Downtown PG’s Annual Report Gives Pause For Pulse-Taking
Prince George, BC – Responding to criticism from Councillor Brian Skakun that the Downtown Business Improvement Association’s annual report failed to touch on any of the pervasive issues in the city’s centre, President Eoin Foley said addressing public safety and perception issues are central to every DBIA initiative.
Following Executive Director, Colleen Van Mook’s, presentation highlighting the association’s activities over the past year and outlining strategic priorities for the year ahead at Monday night’s meeting, Councillor Skakun said the slides looked good, but he pointed to concerning omissions.
“I don’t know if it’s a strategy (sic) of the Downtown Business Improvement group to not publicly say much with regards to the needle exchange issues, crime, public safety, and how people feel downtown, and I’m just wondering, what is your strategy going forward?”
Foley said public safety is at the core of the group’s mandate to revitalize the downtown, “Basically, every single project that we do, every event – whether it’s (removing) graffiti, the facade improvement – absolutely everything has safety tied in.”
As part of a city-wide Graffiti-Free program, the DBIA has partnered with a number of groups to assist with the cost and labour of removing graffiti in the downtown core. While the Facade Improvement Grant program is a partnership with the City and Northern Development Initiative Trust to encourage downtown business owners to invest in their properties. In the last eight months alone, the DBIA has approved 19 projects with a total value of close to $1-million dollars. (bar graph below courtesy DBIA)
Foley said both programs go a long way – when the downtown looks cleaner, people feel safer; when the facades have more transparency from the inside to the outside, it creates “more eyes on the street.”
“Regarding, specifically, the needle exchange program, there’s ongoing conversation with Northern Health, with the City involved closely, about what sort of better solutions we have that we can explore with that.” But Foley said the DBIA is constantly working with the City and RCMP on safety issues.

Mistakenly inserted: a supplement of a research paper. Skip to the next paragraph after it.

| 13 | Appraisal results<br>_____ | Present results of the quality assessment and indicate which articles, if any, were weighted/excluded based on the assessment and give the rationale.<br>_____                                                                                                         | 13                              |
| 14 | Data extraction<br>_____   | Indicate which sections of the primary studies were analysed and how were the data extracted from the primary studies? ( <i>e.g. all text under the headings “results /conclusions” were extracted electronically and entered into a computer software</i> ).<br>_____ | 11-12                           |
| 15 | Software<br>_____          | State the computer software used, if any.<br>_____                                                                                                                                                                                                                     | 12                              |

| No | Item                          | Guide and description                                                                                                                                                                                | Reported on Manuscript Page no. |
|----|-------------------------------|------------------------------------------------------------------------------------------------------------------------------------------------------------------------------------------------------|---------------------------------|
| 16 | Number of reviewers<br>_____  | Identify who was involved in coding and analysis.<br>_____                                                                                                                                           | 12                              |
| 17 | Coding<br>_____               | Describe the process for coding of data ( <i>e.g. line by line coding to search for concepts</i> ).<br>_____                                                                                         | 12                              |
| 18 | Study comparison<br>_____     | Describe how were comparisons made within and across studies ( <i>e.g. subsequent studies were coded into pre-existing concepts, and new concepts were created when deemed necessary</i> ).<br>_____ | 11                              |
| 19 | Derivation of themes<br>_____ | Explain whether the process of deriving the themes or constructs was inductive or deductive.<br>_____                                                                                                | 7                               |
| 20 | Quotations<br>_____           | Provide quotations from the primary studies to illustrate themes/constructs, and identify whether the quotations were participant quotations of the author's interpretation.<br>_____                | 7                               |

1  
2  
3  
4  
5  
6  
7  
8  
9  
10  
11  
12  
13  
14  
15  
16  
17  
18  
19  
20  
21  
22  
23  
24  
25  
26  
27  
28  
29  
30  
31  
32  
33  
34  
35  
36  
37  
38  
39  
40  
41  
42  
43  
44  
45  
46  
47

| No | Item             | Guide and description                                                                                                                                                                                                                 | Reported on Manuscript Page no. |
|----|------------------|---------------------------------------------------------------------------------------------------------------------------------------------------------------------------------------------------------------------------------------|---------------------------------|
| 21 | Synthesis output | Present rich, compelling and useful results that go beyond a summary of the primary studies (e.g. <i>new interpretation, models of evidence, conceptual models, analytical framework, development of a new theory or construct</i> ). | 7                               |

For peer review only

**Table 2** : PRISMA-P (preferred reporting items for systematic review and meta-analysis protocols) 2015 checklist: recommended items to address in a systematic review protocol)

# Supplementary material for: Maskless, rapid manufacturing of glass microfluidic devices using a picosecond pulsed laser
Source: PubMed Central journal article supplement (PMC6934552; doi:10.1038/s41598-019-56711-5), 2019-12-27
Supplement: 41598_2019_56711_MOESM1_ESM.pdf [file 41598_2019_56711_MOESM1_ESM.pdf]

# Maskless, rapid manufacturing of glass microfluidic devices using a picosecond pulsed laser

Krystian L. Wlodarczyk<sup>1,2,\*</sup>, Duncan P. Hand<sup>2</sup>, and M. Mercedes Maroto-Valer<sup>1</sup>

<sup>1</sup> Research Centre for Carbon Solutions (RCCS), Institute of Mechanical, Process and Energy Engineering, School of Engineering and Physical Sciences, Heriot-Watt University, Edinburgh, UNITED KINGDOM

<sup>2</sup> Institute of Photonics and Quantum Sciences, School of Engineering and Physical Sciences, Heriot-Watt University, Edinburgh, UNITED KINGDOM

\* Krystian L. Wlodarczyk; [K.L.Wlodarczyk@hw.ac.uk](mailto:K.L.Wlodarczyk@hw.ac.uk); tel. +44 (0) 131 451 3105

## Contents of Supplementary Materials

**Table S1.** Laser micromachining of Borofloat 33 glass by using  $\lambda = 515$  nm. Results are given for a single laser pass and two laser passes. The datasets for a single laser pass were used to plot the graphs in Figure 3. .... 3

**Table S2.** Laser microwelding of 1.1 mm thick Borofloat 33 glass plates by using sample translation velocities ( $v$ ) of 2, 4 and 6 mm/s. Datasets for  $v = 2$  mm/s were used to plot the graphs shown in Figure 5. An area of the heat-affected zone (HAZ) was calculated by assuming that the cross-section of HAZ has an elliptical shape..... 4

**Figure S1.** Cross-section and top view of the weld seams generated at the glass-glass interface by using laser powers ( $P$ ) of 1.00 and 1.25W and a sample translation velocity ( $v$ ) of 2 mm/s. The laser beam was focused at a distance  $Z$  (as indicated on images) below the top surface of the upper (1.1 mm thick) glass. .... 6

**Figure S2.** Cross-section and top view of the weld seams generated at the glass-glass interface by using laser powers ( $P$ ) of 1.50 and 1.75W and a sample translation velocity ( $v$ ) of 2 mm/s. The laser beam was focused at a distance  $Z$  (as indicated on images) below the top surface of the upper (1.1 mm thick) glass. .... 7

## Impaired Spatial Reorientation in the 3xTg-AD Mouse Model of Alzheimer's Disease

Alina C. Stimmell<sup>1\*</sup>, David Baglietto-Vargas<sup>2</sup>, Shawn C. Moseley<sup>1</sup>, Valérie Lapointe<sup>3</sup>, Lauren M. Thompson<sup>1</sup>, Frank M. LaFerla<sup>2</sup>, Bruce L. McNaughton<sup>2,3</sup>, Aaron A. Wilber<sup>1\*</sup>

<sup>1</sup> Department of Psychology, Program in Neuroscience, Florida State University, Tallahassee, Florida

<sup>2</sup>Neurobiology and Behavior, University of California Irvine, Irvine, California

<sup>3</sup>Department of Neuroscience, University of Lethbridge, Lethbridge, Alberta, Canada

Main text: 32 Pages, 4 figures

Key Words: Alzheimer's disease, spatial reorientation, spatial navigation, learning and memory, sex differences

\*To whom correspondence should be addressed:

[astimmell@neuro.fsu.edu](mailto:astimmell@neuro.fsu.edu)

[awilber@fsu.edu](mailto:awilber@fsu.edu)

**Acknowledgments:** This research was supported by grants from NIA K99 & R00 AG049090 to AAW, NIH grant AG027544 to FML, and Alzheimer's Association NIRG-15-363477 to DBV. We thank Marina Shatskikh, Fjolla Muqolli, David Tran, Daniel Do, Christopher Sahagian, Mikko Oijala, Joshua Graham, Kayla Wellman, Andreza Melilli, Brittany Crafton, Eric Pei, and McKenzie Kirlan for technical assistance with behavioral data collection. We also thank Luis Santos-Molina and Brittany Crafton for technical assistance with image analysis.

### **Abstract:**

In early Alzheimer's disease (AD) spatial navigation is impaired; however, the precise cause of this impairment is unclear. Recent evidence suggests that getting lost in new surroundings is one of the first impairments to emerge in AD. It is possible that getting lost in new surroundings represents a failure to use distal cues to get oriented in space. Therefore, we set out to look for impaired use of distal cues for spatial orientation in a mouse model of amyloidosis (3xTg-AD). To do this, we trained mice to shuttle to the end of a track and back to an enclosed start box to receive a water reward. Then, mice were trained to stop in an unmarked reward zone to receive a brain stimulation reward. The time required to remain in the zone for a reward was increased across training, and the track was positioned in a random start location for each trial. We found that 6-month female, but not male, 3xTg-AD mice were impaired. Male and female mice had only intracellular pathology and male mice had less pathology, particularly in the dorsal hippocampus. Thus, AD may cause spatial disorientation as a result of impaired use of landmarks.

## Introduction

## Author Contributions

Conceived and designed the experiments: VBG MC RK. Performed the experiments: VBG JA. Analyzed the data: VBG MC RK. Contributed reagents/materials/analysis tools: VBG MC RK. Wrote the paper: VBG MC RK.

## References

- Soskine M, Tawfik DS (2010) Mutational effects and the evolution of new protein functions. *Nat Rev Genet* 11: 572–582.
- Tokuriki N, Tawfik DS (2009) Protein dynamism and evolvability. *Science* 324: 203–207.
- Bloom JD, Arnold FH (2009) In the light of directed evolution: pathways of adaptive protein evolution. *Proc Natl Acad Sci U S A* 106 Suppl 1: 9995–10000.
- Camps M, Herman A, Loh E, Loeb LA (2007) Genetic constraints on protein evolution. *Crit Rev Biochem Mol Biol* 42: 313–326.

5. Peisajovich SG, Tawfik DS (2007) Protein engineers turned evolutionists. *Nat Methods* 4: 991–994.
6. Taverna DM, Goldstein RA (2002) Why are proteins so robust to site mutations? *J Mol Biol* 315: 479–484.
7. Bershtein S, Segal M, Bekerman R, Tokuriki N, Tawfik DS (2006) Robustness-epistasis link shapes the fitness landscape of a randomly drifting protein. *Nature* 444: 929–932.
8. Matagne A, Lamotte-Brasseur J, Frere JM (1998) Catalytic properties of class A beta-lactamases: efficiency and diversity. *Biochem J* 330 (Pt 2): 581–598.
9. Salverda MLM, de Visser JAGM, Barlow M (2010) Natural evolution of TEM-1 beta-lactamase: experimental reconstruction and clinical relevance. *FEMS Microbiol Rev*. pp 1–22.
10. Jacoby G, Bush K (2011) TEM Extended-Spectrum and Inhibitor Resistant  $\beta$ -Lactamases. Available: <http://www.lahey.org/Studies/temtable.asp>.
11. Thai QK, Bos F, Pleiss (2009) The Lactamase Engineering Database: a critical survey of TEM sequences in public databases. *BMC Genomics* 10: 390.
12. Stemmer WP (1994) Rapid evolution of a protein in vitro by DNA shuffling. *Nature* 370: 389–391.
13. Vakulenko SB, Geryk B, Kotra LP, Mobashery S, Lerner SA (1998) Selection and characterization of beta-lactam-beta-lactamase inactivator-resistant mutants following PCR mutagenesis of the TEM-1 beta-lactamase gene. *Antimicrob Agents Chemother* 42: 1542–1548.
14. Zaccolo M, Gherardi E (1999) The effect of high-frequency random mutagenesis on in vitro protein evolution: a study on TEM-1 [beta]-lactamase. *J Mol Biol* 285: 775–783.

For his part, Skakun said city residents want to hear the good stuff, but they also want to know the association is looking after the “not-so-nice stuff, too.”
During the DBIA’s presentation, Councillors heard of a ‘renewed faith’ in the downtown, with more than a dozen businesses opening or re-opening since January, and another six businesses expected to start up operations before the year runs out.
Councillor Terri McConnachie commended all the “intreprid business owners” for their investment and “really bumping up the volume downtown.”
Mayor Lyn Hall made mention of a local realtor putting out several photos on social media, dubbed, ‘The New Face of Downtown PG’, showing many of the facade improvements.
Hall said it’s incredible to see what’s happening downtown and he credited the City’s partnerships with groups like the DBIA for making that change happen.
Foley, who is co-owner of Nancy O’s restaurant concurred, saying, “It’s the most positive I’ve seen downtown since we opened.”
The Downtown Business Improvement Association receives its base funding from the collection of a local tax levied on 259 parcels in the downtown core with an assessed value of more than $210-million dollars. In 2016, that amounted to $241-thousand dollars in base funding, which the association used to leverage an additional $342-thousand dollars through grants, sponsorships and partnerships.